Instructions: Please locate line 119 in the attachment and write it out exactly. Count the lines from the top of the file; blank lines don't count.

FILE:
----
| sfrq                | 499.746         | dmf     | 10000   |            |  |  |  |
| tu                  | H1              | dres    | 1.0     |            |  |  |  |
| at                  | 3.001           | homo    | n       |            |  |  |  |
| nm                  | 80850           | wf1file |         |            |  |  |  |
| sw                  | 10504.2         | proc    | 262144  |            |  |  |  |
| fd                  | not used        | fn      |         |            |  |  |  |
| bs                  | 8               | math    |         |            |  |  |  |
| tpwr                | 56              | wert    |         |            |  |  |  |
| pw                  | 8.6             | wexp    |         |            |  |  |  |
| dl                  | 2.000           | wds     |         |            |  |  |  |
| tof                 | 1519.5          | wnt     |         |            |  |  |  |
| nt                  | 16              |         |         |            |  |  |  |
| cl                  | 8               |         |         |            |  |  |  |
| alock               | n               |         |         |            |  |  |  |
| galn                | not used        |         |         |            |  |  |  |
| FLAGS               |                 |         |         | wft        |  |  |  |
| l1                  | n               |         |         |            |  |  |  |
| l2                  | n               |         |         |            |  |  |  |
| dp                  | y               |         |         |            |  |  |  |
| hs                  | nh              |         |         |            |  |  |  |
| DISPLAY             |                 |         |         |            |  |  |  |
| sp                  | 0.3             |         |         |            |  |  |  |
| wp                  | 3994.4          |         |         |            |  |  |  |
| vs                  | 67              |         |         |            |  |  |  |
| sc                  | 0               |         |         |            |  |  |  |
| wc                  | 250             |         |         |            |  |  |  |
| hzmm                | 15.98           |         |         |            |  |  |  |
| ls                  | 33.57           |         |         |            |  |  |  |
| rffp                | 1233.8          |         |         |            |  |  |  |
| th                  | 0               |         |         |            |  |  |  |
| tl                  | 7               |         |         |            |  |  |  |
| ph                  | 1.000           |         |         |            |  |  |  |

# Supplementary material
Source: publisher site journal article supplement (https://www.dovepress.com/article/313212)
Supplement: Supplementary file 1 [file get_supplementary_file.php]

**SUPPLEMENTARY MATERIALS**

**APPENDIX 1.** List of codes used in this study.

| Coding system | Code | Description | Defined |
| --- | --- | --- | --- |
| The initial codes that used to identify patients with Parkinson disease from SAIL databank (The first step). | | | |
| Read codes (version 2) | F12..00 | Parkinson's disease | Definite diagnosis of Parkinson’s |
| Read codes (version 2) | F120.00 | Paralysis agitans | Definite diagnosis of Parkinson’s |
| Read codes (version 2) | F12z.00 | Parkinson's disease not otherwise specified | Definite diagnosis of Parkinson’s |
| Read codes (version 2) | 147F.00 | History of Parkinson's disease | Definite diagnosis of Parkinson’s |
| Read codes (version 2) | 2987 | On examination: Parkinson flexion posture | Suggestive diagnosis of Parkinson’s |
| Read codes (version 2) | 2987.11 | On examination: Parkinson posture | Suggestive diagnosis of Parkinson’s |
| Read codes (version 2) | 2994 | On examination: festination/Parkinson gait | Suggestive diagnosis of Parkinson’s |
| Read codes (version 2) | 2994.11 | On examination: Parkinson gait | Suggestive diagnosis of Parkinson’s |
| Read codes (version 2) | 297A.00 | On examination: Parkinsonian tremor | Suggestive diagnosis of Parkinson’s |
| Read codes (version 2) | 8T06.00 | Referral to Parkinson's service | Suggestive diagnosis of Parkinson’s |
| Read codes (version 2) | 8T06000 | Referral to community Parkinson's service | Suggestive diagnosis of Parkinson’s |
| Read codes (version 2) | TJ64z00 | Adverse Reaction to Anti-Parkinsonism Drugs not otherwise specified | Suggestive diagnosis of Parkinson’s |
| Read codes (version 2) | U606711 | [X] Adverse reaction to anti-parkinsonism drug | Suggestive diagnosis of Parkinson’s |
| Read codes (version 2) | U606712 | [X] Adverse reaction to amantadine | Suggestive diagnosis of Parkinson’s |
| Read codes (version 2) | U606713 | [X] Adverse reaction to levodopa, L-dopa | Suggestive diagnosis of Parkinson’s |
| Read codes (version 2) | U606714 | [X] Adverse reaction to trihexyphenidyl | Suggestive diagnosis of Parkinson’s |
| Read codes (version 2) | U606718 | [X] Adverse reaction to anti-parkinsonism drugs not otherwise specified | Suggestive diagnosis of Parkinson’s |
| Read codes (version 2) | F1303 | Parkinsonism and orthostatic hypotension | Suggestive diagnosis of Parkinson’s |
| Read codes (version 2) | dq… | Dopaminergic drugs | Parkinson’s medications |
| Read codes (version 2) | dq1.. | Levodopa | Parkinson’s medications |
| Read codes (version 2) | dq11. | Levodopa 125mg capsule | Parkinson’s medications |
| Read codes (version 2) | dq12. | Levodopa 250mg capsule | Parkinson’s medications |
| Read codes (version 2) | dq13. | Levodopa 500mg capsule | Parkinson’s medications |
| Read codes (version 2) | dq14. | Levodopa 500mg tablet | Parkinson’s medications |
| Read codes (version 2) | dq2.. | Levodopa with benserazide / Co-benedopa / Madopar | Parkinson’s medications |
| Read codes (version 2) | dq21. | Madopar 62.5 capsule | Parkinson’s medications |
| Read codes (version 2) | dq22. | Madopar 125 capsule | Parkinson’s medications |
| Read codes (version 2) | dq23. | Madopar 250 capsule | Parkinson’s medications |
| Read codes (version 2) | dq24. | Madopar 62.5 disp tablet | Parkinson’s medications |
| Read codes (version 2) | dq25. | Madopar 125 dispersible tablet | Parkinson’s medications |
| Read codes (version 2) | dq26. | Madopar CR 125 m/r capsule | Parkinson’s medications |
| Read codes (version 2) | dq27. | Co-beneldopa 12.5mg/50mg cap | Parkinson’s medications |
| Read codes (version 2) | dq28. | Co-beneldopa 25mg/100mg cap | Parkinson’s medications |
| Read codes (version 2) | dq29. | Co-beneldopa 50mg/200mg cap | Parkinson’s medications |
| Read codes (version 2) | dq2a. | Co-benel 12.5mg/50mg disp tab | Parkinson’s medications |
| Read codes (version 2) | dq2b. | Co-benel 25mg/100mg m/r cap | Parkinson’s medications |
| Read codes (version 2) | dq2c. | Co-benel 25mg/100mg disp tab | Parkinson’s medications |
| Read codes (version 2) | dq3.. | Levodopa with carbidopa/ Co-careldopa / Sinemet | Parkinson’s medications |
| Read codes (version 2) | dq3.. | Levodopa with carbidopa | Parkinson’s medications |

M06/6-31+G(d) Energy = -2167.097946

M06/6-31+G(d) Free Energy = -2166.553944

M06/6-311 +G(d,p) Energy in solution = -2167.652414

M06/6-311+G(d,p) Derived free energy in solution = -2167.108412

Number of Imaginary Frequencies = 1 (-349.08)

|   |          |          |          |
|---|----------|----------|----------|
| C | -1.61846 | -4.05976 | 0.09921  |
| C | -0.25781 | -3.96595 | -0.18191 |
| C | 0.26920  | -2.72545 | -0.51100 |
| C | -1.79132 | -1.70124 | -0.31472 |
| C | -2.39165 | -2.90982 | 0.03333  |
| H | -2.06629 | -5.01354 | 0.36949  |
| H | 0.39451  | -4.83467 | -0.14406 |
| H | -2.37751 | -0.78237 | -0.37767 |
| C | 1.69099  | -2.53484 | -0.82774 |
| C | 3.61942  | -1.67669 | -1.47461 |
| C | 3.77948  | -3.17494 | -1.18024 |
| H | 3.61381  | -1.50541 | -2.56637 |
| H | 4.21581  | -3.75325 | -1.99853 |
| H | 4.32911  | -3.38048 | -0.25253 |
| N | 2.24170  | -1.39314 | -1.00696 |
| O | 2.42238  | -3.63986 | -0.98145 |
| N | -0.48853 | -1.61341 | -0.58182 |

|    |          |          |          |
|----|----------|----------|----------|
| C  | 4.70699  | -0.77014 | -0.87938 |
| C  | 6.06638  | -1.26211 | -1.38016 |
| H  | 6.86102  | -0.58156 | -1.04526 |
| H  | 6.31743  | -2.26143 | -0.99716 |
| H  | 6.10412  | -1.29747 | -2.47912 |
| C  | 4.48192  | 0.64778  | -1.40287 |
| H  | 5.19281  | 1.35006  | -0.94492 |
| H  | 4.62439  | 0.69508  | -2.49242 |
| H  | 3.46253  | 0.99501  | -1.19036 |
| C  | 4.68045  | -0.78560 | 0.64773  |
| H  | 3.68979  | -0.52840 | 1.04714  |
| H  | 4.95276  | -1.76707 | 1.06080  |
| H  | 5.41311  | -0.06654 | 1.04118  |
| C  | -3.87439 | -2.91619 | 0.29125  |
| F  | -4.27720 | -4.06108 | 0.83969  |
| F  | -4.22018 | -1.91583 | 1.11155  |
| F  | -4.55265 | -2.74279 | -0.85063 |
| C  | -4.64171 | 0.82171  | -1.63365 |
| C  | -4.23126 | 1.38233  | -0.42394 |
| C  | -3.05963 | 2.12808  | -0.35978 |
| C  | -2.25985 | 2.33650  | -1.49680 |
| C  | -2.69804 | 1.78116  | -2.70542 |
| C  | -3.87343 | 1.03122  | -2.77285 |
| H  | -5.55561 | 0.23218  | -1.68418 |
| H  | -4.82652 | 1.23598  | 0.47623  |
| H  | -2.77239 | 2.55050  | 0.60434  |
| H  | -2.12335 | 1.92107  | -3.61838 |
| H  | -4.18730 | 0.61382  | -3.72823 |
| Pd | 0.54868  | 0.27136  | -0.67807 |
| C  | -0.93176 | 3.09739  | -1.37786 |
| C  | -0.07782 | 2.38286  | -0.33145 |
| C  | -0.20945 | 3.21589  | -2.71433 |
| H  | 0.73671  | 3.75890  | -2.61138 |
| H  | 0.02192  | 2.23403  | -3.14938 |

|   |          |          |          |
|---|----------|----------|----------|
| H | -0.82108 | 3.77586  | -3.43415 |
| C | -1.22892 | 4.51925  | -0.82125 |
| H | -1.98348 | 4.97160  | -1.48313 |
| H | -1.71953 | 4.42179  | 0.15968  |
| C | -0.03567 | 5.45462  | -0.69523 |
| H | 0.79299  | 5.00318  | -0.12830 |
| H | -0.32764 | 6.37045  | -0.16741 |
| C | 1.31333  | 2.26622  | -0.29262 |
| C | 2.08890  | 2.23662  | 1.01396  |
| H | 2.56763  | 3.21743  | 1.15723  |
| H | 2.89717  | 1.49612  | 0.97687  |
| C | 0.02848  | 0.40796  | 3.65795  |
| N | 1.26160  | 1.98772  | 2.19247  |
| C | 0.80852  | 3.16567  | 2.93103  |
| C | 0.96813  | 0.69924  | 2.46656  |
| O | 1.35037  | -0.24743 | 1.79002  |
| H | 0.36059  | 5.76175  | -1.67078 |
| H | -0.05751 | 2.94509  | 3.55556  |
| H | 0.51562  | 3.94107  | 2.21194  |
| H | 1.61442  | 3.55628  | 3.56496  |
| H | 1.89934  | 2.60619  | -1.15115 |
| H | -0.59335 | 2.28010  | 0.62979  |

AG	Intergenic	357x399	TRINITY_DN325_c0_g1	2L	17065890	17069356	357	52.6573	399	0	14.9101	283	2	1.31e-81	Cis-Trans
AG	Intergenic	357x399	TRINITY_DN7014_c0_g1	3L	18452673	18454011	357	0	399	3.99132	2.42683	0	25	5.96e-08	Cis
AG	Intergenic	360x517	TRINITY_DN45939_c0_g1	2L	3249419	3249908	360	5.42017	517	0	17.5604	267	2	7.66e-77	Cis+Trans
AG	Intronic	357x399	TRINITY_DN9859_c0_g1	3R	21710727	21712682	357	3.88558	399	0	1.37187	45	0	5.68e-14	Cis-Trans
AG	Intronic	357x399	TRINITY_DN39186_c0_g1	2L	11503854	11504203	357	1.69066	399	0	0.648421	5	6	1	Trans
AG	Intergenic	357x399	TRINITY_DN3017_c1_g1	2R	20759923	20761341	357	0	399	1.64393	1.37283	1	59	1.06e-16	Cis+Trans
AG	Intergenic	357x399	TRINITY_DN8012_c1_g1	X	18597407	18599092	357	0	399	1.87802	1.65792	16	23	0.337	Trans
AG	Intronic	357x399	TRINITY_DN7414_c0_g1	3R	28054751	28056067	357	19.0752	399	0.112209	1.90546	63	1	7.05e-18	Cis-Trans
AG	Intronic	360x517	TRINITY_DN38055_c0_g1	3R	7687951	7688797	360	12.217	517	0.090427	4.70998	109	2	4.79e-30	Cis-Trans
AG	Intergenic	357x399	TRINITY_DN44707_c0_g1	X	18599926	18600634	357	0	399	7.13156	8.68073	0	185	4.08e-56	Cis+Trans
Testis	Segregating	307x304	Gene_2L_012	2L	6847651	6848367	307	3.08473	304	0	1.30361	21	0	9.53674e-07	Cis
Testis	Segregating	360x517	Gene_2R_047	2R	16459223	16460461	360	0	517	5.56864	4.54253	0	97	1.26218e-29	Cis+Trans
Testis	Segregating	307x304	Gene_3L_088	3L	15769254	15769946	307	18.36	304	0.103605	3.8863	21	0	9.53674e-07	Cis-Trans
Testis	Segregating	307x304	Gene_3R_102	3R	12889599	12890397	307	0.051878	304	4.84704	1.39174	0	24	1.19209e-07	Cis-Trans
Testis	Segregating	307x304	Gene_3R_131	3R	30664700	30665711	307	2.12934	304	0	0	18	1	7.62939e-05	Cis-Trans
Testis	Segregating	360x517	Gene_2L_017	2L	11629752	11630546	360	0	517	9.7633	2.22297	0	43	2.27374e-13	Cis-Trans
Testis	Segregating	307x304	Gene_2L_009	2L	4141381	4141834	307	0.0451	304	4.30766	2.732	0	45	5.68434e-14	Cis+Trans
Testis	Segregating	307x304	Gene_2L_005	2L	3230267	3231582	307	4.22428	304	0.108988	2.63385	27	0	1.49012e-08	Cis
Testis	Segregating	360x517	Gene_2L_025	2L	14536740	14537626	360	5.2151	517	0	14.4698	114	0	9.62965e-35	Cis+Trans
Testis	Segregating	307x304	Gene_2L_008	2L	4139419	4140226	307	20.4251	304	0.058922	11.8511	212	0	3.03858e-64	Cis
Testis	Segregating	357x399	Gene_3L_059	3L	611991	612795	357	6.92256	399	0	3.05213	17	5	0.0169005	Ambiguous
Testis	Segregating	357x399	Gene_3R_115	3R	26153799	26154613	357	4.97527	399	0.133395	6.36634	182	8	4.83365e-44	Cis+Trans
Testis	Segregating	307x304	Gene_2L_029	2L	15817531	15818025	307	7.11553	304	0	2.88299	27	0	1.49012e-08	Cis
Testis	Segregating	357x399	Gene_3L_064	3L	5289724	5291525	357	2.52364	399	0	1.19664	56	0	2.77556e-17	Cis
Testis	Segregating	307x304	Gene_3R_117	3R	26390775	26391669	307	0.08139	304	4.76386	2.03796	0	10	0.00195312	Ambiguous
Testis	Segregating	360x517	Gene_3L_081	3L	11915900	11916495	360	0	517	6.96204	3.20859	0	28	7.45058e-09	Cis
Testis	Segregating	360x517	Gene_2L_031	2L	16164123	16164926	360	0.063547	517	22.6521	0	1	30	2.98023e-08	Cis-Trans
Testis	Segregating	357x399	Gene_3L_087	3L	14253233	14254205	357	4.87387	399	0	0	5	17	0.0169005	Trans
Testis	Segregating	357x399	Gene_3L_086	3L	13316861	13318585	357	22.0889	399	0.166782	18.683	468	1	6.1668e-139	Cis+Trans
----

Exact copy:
| C  | -3.87439 | -2.91619 | 0.29125  |